We were having record setting warm weather, it was -2 C and the ice was getting rotten. So a lot of people signed up for the last tour to the ice caves in the Tongue of the Erebus glacier. The sign up said wear your ECW gear. Eventually 18 souls crammed into the back of a huge wheeled vehicle known as a Delta.
After we were settled the driver said,"I'd like t add a visit to the Barne Glacier and Scott's hut at Cape Evans, we won't get back until 1 AM." Ouch I was going to snow school AKA happy camper school for the next two days so I needed my sleep, but I wanted to see the ice caves even more so I stayed with the crew and off we went.
They made us wear our seat belts, and we could see why as we crossed "the transition" between the land of McMurdo station and the sea ice. The delta rocked and rolled, we began to notice the fracture patterns in the windows which looked like they were made by the impacts of heads.
First stop was the Barne glacier, an ice cliff that rose 150 feet above the fast ice. It was great to be able to actually walk up to the end of a glacier. The glacier pushed on and cracked the sea ice.
The glacier also pushed up blocks of the ice. Other passengers went over to the ice blocks and licked them and proclaimed them salty. It was the first time I had ever seen ice licks for humans. I knew better what to do with the blocks...I climbed them.
Cape Evan's Hut
Midnight, Dec 1, 2001 we arrive at the hut that was built by Scott's expedition on their way to the pole.
The inside of the hut has been preserved in something like its original condition.
I am here as a part of the Exploratorium team to report on science being done in Antarctica today. However science was an important element of Scott's expedition. Edward Wilson's work table is still covered with apparatus.
My wife Ellen and I often read aloud to each other while on long car trips . One day, while reading about Scott's expedition to the pole, we read that he planned to use Siberian ponies to haul his sledges. Because of the snow he needed to equip them with pony snowshoes. The concept of a pony snowshoe was so incongruous that we both laughed ourselves into tears. As I looked around the hut I saw one bunk draped with pony harnesses and tack. Hanging there were two circular disks which could only be pony snowshoes. I broke out laughing once again and attracted the attention of the other visitors.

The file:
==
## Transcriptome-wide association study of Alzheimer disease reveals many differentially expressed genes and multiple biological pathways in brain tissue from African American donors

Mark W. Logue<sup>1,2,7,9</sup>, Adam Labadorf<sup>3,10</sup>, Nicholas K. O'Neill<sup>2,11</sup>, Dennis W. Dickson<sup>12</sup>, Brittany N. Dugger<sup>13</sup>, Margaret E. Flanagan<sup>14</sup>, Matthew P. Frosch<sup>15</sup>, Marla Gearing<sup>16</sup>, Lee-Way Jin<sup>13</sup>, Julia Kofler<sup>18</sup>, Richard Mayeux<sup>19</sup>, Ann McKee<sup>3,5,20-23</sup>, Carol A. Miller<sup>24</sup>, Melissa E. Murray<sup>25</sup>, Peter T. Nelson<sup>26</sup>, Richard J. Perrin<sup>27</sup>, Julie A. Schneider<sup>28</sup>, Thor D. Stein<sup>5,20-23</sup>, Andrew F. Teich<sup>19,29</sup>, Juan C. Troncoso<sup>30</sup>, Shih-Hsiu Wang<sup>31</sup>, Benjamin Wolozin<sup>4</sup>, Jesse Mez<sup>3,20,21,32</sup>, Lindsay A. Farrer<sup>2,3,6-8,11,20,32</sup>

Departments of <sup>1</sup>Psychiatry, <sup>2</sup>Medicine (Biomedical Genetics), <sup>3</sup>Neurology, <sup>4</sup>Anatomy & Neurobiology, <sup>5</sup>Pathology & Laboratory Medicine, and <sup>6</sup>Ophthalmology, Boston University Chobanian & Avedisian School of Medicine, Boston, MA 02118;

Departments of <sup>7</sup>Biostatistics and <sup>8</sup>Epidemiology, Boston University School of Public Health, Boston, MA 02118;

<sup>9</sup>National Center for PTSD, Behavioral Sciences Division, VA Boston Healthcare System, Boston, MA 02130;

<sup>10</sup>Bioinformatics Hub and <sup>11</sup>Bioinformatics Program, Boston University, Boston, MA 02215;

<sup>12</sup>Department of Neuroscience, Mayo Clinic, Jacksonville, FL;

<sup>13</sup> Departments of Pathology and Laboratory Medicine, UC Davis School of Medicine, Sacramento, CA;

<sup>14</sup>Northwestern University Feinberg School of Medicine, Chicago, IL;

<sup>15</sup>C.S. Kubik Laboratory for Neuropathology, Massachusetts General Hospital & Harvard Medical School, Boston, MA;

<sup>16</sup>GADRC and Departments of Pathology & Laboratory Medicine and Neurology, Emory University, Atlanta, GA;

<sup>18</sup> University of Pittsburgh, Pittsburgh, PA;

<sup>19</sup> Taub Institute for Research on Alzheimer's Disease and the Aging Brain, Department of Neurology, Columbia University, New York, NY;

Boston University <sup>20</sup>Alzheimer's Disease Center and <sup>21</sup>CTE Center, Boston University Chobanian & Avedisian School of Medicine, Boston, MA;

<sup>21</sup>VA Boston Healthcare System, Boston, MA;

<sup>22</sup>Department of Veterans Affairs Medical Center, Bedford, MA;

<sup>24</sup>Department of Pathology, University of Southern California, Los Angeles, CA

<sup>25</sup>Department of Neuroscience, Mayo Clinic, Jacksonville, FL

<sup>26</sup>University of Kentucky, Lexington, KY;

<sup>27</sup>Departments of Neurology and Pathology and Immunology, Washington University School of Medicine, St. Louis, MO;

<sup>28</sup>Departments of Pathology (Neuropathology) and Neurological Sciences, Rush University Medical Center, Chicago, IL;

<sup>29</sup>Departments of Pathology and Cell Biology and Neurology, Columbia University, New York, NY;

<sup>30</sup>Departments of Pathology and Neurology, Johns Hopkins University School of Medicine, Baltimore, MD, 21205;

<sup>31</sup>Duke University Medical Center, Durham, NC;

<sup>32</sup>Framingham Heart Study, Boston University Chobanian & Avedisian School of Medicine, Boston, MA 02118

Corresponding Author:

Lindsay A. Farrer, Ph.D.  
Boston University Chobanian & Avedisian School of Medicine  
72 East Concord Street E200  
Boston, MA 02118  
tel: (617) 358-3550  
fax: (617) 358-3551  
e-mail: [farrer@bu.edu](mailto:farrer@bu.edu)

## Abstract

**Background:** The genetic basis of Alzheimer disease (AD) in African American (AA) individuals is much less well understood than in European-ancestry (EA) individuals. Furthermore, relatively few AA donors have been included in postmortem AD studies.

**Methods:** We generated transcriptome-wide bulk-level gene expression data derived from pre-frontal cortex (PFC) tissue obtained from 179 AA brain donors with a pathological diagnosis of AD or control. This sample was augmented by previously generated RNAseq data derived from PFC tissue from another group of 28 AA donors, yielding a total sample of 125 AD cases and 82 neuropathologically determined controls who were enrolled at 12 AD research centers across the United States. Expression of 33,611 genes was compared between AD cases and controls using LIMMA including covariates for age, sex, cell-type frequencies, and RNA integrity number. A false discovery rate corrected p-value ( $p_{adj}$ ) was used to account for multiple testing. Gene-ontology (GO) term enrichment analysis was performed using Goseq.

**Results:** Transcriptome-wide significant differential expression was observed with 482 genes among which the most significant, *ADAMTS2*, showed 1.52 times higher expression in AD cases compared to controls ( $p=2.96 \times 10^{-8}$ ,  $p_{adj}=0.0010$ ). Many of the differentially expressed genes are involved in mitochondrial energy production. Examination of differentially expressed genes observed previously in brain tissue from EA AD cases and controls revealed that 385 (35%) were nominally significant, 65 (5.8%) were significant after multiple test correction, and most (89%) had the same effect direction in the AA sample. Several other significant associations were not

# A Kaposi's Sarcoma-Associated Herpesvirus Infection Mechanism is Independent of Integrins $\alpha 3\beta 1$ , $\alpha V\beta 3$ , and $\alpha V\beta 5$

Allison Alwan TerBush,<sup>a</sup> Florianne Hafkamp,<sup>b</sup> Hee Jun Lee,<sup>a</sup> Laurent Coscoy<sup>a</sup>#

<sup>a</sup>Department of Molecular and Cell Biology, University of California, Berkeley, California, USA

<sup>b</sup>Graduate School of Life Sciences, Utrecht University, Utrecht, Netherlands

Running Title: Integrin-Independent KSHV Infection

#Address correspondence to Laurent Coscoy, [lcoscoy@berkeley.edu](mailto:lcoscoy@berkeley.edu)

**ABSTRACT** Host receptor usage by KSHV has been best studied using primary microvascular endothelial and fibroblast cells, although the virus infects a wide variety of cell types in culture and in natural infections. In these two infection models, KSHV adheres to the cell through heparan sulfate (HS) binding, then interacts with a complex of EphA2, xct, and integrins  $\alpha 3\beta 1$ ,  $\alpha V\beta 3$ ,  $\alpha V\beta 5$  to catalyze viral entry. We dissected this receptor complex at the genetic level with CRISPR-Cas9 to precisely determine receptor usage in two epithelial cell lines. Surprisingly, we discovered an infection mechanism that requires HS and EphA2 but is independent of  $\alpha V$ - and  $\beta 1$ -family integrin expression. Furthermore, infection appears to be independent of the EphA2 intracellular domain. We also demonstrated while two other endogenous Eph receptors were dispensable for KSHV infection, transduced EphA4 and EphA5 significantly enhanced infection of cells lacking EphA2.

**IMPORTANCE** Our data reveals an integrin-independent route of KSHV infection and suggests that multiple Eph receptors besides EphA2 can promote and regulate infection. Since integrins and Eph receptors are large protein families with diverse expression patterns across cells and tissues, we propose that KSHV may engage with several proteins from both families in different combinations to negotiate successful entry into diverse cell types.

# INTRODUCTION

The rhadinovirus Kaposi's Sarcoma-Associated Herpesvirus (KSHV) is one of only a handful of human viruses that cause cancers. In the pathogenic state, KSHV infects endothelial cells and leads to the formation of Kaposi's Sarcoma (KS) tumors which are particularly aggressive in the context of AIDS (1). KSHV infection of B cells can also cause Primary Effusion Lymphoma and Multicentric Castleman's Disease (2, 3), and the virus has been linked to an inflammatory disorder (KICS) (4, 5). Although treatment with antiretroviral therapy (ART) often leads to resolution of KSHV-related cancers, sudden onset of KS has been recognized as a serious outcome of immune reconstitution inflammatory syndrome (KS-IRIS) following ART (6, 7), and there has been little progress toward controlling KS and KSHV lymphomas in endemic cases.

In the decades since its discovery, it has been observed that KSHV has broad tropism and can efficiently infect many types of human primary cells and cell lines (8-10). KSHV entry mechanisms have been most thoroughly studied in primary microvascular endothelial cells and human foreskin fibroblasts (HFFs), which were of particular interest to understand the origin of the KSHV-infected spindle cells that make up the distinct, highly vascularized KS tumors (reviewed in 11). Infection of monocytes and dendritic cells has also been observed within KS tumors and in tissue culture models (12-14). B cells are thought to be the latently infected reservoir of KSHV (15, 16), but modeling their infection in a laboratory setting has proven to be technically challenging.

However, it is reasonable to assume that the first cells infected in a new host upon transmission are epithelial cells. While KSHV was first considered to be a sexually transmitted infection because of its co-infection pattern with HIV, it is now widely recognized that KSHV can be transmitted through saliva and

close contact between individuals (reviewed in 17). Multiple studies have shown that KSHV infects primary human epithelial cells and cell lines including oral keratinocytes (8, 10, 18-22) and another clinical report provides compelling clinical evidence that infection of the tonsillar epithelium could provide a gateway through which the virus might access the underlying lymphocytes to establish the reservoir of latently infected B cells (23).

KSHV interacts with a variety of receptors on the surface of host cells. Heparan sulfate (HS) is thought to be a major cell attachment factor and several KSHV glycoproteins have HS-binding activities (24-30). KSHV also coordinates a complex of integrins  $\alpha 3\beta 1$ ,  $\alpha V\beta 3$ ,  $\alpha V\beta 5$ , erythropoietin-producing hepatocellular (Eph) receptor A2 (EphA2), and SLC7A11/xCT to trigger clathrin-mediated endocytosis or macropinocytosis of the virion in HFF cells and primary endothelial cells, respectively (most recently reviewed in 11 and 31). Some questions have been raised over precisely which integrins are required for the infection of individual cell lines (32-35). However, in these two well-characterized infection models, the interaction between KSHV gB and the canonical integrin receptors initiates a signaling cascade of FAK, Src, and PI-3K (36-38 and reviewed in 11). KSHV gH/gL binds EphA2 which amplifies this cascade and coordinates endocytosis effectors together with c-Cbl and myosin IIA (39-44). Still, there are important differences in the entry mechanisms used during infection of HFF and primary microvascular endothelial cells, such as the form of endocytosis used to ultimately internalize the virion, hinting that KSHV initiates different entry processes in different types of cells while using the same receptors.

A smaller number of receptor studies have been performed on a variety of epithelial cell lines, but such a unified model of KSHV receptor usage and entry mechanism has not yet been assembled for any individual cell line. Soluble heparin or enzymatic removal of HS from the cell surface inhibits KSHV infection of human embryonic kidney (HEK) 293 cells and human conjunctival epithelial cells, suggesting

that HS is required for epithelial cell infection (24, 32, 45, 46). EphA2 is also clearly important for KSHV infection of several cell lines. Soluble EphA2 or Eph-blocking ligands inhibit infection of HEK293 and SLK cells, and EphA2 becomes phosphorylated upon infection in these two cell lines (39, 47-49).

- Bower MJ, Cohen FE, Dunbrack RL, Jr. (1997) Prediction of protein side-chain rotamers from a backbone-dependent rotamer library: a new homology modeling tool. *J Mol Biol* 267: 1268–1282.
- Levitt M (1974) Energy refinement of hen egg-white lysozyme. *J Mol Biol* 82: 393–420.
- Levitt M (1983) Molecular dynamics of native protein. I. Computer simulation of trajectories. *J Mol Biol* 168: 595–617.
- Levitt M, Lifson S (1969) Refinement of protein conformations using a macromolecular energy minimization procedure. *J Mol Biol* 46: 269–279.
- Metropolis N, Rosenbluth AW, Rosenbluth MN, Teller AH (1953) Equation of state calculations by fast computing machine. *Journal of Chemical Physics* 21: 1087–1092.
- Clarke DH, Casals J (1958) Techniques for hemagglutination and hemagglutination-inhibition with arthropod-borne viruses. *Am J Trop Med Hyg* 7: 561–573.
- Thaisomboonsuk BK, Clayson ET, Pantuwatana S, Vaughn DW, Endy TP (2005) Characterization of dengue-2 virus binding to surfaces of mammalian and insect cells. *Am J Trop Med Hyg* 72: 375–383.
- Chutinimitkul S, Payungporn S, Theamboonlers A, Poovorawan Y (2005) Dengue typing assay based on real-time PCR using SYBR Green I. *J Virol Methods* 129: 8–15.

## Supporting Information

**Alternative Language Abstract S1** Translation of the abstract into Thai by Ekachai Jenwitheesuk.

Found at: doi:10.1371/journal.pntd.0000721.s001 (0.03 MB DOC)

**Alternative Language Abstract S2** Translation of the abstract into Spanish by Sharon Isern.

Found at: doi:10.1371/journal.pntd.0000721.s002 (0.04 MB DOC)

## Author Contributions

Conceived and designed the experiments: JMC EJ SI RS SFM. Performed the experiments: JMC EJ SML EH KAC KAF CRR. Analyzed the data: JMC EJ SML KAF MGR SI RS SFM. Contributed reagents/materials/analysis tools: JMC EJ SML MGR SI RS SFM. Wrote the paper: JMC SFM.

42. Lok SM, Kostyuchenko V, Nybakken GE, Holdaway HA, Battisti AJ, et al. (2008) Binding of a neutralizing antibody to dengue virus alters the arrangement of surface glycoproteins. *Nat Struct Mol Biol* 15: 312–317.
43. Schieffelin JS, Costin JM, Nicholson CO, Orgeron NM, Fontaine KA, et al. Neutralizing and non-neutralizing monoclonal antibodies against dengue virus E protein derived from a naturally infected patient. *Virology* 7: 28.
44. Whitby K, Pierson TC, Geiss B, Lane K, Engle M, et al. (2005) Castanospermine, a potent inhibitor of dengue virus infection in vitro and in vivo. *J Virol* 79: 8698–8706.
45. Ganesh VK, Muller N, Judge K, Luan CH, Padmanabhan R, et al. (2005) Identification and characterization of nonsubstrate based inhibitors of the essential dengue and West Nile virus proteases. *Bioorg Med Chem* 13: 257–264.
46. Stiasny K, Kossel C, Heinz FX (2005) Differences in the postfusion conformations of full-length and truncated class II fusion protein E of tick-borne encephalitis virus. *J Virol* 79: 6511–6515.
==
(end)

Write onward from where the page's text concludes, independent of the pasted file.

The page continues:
While looking around the hut I also spotted the expedition bicycle. The leather seat and rubber tires had survived better than the steel frame.
Scott was ahead of his time, almost 100 years later we see people riding mountain bikes on the roads of McMurdo station.
Scott also had skis and dogs but chose to man haul his sleds to the pole and with tremendous effort he made it, only to find Amundsen's Norwegian tent waiting for him. He and four companions did not make it back alive.
We drove on to the Ice Caves of the Erebus glacier tongue. A rope attached to the wall with ice screws aided our entrance into the cave. Inside it opened up into a large room with smooth walls and an ice stalactite covered ceiling. Deeper in the cave sunlight filtered through the ice becomes a glowing blue light that attracts light scattering physicists like me just as a candle attracts moths.
I went toward the deep blue part of the cave, and looked up at the ceiling.
Cracks in the roof lead toward the surface. The more ice that the sunlight passed through, the deeper blue it became.
Here's the science:
Visualize the head of Mickey Mouse, you are picturing a water molecule. His head is the oxygen and his ears the hydrogen of H2O. The hydrogen "ears" of lone water molecules vibrate side to side with a resonance in the infrared, thus water absorbs infrared radiation and is a greenhouse gas. However, when water molecules join together in ice, or liquid water, the "ears" of one molecule become hydrogen bonded to adjacent oxygens. This raises the frequency of vibration into the red part of the spectrum so that pure ice absorbs red light. Thus, white sunlight becomes blue after passing through clean ice. Antarctic glacier ice is some of the purest on earth. Even air bubbles are squeezed out of glacier ice when it becomes a few hundred feet thick, and so the ice becomes a beautiful blue color.
At 1 AM a sunbeam entered the mouth of the ice cave and traversed the entire length of the cave.
I remembered Jules Verne and looked at the point where the beam hit the end of the cave, searching for an entrance to the cave that would take me to the center of the earth...alas I must have been in the cave on the wrong day, perhaps the sunbeam on the solstice would show me the way?
In the beam, ice crystals that had condensed from our breath did a three dimensional dance flashing brightly like dust motes on steroids.
As the beam glanced along one wall it illuminated frost patterns on the wall.
Looking at the patterns, I saw a hand print. I felt as if I were in an icy, ephemeral Lascaeux cave.
One of the women on our tour brought along her water colors. Following in the footsteps of watercolor artist Edward Wilson she attempted to capture the feeling of the cave.
Saturated with blue light we made our way back to the Delta for the ride home and at 2 AM I got into bed, tired and happy.
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Scientific Explorations with Paul Doherty
3 Dec 2000